In The Know is your daily briefing on Oklahoma policy-related news. Inclusion of a story does not necessarily mean endorsement by the Oklahoma Policy Institute. Click here to subscribe to In The Know and see past editions.
In The News
Parent organizes rally at Capitol to ‘vote out incumbents who were against funding public education’ in Oklahoma: The parent of four Moore Public Schools students is encouraging educators and fellow public school advocate parents to return to the state Capitol for a rally ahead of November’s general election. According to state officials, the “Remember in November Rally” has been approved to take place on Capitol grounds on the afternoon of Oct. 27, which is a Saturday, not a school day. [Tulsa World]
Will 2018 be the Year of the Woman in Oklahoma? Across the United States, 2018 is being heralded as the Year of the Woman in American politics. Building on a surge of activism following the election of Donald Trump, including the national women’s marches and the #metoo movement, the “Pink Wave” in electoral politics has led this year to a record number of women running for Congress and securing party nominations. There will be 239 women on the ballot for House seats in November, compared to a previous high of 167, and 23 women on the ballot for Senate, breaking the prior record of 18. [OK Policy] Find more information from OK Policy on Oklahoma’s upcoming elections and state questions here.
‘U.S. mail is not for sale’ say anti-privatization protesters in downtown Oklahoma City: Wearing bright blue shirts and carrying bright blue signs with the same rhyming message — “U.S. Mail Is Not For Sale” — about 50 union members and their supporters gathered Monday at a downtown Oklahoma City post office to voice their opposition to privatization efforts.“Today is an education, a notification to the public,” said Koquise Edwards, president of a local American Postal Workers Union chapter. [NewsOK]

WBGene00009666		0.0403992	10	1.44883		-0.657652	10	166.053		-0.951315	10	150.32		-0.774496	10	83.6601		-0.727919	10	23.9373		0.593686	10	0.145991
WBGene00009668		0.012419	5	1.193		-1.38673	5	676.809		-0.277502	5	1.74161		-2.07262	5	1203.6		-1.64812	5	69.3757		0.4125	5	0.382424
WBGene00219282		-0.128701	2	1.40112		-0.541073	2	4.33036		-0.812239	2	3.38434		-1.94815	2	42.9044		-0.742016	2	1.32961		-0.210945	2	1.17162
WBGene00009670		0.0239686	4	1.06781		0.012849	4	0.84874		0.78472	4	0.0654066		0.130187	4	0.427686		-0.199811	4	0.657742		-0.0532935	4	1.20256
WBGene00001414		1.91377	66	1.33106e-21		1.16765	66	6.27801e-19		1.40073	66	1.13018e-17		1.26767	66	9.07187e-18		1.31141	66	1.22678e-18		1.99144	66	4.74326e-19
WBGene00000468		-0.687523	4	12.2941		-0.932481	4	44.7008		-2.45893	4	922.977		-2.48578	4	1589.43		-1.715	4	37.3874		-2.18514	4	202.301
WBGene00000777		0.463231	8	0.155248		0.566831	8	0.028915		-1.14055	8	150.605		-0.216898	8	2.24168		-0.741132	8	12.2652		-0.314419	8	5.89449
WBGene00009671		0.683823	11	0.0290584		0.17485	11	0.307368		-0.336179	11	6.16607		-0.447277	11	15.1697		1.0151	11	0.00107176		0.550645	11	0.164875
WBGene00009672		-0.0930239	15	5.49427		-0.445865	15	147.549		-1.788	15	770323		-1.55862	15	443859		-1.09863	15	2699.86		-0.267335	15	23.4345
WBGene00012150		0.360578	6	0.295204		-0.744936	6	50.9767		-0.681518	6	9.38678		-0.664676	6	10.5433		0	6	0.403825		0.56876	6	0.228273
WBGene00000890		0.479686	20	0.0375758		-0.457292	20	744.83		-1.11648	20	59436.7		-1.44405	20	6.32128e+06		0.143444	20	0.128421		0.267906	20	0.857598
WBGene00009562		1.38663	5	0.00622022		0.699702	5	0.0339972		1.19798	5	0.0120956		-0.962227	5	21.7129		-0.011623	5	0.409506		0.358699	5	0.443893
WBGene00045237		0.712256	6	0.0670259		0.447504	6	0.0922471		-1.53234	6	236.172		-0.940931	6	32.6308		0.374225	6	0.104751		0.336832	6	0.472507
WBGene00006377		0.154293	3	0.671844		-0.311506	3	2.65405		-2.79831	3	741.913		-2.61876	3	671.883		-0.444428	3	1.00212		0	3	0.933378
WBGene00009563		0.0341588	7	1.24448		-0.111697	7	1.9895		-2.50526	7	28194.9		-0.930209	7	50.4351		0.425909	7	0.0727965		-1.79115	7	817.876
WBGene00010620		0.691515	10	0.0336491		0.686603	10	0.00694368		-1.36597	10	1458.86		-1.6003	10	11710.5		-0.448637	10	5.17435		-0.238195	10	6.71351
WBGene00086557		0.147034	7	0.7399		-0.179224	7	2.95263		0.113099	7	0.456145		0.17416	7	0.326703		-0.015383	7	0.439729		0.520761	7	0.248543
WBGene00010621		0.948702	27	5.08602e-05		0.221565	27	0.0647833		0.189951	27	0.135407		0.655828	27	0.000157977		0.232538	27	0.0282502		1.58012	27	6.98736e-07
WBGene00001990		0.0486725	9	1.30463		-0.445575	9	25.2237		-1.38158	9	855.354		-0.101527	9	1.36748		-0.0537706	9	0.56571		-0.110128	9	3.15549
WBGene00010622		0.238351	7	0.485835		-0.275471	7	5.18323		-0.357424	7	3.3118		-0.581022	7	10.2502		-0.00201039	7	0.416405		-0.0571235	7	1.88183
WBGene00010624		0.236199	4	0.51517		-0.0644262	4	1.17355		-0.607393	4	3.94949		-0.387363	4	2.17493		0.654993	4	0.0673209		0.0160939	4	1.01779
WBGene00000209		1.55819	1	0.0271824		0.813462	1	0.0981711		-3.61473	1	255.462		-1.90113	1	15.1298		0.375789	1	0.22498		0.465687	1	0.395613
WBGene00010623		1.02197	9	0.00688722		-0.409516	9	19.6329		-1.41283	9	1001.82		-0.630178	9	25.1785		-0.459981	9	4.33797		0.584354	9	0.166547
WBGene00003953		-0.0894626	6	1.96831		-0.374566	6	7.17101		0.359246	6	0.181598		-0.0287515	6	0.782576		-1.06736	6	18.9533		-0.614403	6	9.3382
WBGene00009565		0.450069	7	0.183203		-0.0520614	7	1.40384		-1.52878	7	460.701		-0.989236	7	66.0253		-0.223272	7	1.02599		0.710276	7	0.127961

New TPD recruit training focuses on empathy and cultural competency as well as catching bad guys: Capt. Matt McCord, assistant director of training, said about three years ago the agency scrapped the “boot camp-style” academy in favor of a “professional” program. Until recently, McCord said, each role-player scenario had someone who was trying to kill the recruit. Now the scenarios better reflect reality, he said. There’s an emphasis on de-escalation techniques and non- or less-than-lethal options in much more common situations. [Tulsa World] An OK Policy report examined de-escalation training and other strategies for building trust between law enforcement and communities here.
Voter registration deadline nears with spike in new voters: Voters have only a few more days to register to vote in this year’s general election. The number of registered voters in Oklahoma is now more than 2.1 million and the Tulsa Election Board Secretary says the spike in registered voters has been surprising … The group, Together Oklahoma Tulsa, held a forum to inform voters of all the issues, including the 30 state offices that are listed on state ballots. [KTUL]